The oral story echoes in Jim and serves a more fulfilling purpose than that of the novels in Jim’s life. My Antonia begins with Jim reading Life of Jesse James. He uses the novel and books to hide from reality, rather than to identify and relate to his surroundings. When Jim meets Otto Fuchs, he places him as a character in Jesse James, but in Pavel’s oral story Jim identifies with Pavel and Russian Peter; he imagines himself in that sledge, running from those wolves. His own story of the snake gives him a sense of himself, and the reflections from telling the story to others fulfill him. The novels Jimmy reads in My Antonia never give him the connection oral storytelling does. They never resonate with him, and often give him just a place to hide from his surroundings, rather than to connect with them. When Jim promises his grandmother not to attend dances at the Fireman’s Hall, he turns to his schoolbooks to help sever his ties with the community. Books serve to isolate Jim, and he uses them in order to distinguish himself from negative oral traditions. A major moment in which Jim defines himself within the community is his commencement speech. Mrs. Harling states, “You didn’t get that speech out of books” (Cather 146), showing that for Jim his true connection with people is not through books, but through stories.

Gossip as a form of oral storytelling also has a major effect on the community. Gossip is used mostly to negative effect, yet is the town’s most significant form of oral storytelling. One example of gossip’s effect on the characters and community is the way in which it shapes people’s understanding of Lena Linguard. Another is the way the “hired girls” are thought of once they begin attending the tent dances. When Jim meets up with them in the ice cream shop and the high-school principal comes in, they have to stop their laughter:

Anna knew the whisper was going about that I was a sly one. People said there must be something queer about a boy who showed no interest in girls of his own age, but who could be lively enough when he was with Tony and Lena or the three Marys. (Cather 138)

The effect of gossip on the community’s opinion of the subjects hits the youth. For the first time, Jim becomes the subject of negative oral stories. When one person, the principal in this instance, overhears something in a negative context, the subject of the gossip, Jim, becomes part of a story that will reverberate throughout the community. Jim also finds himself told by Jelinek to leave his bar because of what “church people think about saloons” (Cather 139). Because of gossip, Jim has to stop attending the dances at the Firemen’s Hall. “People say you are growing up to be a bad boy, and that ain’t just to us” (Cather 145), Grandmother tells Jim.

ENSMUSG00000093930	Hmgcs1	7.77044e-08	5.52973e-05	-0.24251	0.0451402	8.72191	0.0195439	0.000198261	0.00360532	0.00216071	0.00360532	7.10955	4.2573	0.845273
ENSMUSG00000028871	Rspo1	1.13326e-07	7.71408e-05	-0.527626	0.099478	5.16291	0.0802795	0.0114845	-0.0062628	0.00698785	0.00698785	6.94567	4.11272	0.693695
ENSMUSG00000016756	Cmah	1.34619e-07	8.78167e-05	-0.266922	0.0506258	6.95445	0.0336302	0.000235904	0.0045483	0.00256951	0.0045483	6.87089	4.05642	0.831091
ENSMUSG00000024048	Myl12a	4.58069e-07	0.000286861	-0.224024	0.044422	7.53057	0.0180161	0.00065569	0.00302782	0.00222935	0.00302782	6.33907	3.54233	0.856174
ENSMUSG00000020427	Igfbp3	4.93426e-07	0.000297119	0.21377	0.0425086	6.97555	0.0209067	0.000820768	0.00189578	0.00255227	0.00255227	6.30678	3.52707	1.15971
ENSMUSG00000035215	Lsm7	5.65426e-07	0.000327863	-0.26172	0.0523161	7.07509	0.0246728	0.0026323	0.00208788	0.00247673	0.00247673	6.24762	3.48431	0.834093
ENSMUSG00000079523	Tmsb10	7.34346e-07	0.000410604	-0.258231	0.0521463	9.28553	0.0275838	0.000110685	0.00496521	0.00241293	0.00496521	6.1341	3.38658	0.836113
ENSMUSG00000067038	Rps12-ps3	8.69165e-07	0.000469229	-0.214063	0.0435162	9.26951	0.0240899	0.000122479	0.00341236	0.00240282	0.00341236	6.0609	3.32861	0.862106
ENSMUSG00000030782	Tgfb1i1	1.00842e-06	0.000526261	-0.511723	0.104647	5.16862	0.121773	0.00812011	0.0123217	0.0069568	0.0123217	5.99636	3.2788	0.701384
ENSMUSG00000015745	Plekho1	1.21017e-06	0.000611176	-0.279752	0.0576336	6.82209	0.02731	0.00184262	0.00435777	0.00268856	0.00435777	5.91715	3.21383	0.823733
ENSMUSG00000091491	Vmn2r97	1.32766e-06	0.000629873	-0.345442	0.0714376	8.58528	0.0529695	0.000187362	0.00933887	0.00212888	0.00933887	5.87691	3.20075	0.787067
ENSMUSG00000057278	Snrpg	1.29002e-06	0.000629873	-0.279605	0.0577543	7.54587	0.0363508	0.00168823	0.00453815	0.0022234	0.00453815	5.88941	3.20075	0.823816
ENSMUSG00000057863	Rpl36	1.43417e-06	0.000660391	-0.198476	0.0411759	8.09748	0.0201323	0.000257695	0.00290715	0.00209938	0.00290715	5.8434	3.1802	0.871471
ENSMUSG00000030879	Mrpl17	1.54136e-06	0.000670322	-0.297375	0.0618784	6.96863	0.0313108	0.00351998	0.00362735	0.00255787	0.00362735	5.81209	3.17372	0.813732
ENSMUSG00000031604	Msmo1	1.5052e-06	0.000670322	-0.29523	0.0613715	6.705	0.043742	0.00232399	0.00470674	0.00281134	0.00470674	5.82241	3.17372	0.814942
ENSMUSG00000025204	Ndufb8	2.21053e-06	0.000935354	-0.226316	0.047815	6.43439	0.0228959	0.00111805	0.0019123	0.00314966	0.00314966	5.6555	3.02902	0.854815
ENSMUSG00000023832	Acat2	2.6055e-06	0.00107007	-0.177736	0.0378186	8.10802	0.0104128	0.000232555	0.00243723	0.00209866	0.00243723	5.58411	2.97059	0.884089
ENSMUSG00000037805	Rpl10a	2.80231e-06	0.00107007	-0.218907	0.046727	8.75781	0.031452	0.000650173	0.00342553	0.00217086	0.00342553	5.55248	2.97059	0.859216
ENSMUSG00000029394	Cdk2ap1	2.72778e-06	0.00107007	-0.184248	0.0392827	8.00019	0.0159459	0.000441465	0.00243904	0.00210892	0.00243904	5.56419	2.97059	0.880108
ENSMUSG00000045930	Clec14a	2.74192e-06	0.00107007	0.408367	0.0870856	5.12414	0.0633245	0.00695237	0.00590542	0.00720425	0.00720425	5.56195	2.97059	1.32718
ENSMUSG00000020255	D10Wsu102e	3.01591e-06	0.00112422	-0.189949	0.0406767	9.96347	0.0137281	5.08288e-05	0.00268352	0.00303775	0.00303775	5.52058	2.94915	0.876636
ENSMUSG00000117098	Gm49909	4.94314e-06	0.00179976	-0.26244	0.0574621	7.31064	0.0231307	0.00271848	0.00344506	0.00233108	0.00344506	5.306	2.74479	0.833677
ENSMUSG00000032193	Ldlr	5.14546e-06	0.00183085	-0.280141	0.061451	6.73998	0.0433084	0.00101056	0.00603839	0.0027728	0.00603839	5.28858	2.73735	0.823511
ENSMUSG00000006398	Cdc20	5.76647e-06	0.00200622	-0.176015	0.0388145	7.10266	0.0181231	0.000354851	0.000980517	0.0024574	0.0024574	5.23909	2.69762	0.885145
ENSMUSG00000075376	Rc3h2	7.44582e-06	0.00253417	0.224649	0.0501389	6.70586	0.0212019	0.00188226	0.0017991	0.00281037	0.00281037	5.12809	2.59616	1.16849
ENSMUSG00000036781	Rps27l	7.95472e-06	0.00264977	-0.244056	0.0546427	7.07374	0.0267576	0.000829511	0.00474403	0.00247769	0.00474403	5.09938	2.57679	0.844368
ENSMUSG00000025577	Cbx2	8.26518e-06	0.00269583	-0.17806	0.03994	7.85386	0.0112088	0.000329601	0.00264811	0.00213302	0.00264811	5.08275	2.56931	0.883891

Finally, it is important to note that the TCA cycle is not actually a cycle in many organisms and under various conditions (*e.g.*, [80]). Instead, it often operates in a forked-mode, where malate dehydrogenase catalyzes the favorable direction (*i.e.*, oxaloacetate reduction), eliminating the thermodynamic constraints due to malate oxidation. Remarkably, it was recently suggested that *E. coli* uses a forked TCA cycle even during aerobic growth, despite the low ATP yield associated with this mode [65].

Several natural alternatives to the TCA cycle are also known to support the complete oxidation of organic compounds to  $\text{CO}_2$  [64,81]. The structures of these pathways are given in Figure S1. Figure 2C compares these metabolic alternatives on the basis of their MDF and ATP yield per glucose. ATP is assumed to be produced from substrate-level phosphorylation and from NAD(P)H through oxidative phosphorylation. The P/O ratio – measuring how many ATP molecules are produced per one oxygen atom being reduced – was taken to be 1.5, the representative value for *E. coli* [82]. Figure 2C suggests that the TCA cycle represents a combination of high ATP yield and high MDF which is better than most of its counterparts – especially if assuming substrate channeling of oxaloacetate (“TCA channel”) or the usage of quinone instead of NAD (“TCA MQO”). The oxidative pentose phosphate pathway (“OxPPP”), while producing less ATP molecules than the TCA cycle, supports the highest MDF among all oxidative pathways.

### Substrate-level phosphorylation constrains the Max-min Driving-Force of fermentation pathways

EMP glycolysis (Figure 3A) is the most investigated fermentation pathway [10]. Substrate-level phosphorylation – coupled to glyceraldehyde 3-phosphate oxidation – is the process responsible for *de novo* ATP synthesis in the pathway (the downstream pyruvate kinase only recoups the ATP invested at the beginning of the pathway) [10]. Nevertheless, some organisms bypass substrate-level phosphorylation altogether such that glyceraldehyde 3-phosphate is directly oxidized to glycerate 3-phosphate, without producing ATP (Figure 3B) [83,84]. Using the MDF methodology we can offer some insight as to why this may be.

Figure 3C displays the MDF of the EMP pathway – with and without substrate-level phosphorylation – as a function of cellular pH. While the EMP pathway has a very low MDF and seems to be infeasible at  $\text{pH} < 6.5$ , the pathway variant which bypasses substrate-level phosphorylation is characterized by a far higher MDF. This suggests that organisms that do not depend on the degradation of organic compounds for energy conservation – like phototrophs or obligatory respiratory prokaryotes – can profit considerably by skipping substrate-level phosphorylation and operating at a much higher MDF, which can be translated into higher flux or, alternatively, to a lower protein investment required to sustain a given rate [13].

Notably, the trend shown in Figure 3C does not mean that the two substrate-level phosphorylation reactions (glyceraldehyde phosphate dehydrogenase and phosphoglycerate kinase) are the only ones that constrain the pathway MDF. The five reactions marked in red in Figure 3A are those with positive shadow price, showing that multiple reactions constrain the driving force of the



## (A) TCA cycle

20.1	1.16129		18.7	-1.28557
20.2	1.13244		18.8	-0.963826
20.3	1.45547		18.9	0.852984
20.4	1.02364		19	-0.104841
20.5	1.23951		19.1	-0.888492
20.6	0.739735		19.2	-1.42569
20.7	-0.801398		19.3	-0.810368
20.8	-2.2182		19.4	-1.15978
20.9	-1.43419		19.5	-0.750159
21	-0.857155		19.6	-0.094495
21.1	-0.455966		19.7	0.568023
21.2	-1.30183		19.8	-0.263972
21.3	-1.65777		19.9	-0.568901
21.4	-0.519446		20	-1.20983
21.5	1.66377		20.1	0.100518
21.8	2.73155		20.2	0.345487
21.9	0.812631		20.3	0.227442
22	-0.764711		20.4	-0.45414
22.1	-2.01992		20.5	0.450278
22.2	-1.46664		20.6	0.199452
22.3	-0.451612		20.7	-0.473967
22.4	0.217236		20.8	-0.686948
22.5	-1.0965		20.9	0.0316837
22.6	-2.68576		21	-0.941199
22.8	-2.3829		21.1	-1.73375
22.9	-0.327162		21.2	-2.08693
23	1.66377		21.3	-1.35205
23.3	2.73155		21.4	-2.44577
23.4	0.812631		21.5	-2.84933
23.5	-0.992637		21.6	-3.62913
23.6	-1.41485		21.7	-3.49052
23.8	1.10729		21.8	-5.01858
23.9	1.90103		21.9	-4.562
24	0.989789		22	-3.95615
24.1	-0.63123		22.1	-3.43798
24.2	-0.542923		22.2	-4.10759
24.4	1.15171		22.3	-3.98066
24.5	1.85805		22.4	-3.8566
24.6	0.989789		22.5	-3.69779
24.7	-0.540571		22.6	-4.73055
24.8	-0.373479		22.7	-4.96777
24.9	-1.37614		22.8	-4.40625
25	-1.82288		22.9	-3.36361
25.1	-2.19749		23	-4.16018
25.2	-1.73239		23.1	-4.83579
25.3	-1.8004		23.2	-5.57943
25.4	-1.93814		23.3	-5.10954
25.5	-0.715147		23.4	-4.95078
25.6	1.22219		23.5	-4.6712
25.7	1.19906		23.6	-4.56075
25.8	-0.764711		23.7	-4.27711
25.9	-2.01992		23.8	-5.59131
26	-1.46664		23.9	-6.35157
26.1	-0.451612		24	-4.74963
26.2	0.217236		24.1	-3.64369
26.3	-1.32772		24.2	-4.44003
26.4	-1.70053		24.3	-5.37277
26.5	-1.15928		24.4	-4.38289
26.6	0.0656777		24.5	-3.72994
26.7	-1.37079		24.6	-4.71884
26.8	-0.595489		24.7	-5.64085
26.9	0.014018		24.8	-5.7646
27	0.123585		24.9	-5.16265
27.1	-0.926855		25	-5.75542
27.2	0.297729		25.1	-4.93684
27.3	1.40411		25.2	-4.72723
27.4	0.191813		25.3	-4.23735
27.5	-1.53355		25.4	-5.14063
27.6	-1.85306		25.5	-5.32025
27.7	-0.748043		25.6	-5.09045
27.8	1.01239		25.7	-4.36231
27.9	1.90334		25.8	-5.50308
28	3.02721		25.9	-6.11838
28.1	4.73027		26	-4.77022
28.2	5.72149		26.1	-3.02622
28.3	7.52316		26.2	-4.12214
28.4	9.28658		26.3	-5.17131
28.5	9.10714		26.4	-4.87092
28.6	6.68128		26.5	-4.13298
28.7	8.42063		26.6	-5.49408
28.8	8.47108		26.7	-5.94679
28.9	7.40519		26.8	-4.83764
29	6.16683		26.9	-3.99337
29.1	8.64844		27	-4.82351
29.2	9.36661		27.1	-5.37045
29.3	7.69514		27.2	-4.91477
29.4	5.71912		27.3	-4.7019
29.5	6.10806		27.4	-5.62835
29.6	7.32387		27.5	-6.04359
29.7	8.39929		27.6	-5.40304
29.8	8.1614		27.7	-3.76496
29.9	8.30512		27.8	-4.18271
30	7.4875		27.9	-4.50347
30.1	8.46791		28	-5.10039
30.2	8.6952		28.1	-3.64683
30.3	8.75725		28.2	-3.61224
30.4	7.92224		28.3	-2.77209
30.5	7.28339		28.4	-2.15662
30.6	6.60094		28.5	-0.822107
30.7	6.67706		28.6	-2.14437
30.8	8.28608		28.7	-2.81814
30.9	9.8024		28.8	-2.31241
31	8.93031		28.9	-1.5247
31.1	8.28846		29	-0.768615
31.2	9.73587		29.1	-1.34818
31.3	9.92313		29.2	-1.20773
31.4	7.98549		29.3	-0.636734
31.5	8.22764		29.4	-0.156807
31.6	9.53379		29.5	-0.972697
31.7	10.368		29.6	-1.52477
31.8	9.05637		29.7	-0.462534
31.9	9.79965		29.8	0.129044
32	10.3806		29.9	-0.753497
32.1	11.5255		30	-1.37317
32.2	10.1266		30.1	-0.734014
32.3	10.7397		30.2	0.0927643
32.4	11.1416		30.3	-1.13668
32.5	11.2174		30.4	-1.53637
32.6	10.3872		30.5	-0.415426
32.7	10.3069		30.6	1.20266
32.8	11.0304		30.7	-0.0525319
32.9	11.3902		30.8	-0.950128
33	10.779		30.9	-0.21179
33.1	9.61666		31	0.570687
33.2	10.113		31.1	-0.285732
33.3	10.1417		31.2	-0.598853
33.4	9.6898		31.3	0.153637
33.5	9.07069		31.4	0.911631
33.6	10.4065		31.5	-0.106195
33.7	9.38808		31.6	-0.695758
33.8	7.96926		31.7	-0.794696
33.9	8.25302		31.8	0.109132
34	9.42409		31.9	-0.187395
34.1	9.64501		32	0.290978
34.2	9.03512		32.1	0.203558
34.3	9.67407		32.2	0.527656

My Antonia in itself is a composition of a novelist trying to recreate a novelist trying to capture the connections provided by oral storytelling. Jim attempts to reconnect with the oral storytelling of his youth by recalling and writing his accounts with Antonia. However, according to Benjamin, he is only furthering his state:

The novelist has isolated himself. The birthplace of the novel is the solitary individual, who is no longer able to express himself by giving examples of his most important concerns, is himself uncounseled, and cannot counsel others. (Benjamin 87)

Jim fits this profile of the novelist perfectly. Jim is grasping at the connection he once had with a community of his youth. However, as readers, we understand that Jim never really gets back those times. He lacks children to orally tell his stories to, and the only way he can attempt to relate these tales is by writing them down. Jim’s novel is an attempt to connect again, but this attempt only makes his situation worse.

Cather’s point of making Jim the novelist struggling for a connection serves to reverse the belief that novels do not connect with readers. Her use of oral storytelling throughout My Antonia gives the reader of the modern novel a glimpse of our “wish to hear a story” (Benjamin 83). At times, My Antonia has almost a stream-of-consciousness feeling, emulating the processes of a story that is told orally. Some instances in the novel not only validate the importance of the oral storyteller, but also recreate that sense that information alone fails to give us. Willa Cather’s My Antonia proves that novels can create the essence of the oral story and conveys to readers the importance of oral storytelling.

Works Cited

Benjamin, Walter. “The Storyteller.” 1955. Illuminations. Trans. Harry Zohn. New York: Shocken, 1968.

Cather, Willa. My Antonia. 1918. New York: Houghton Mifflin Company, 1995.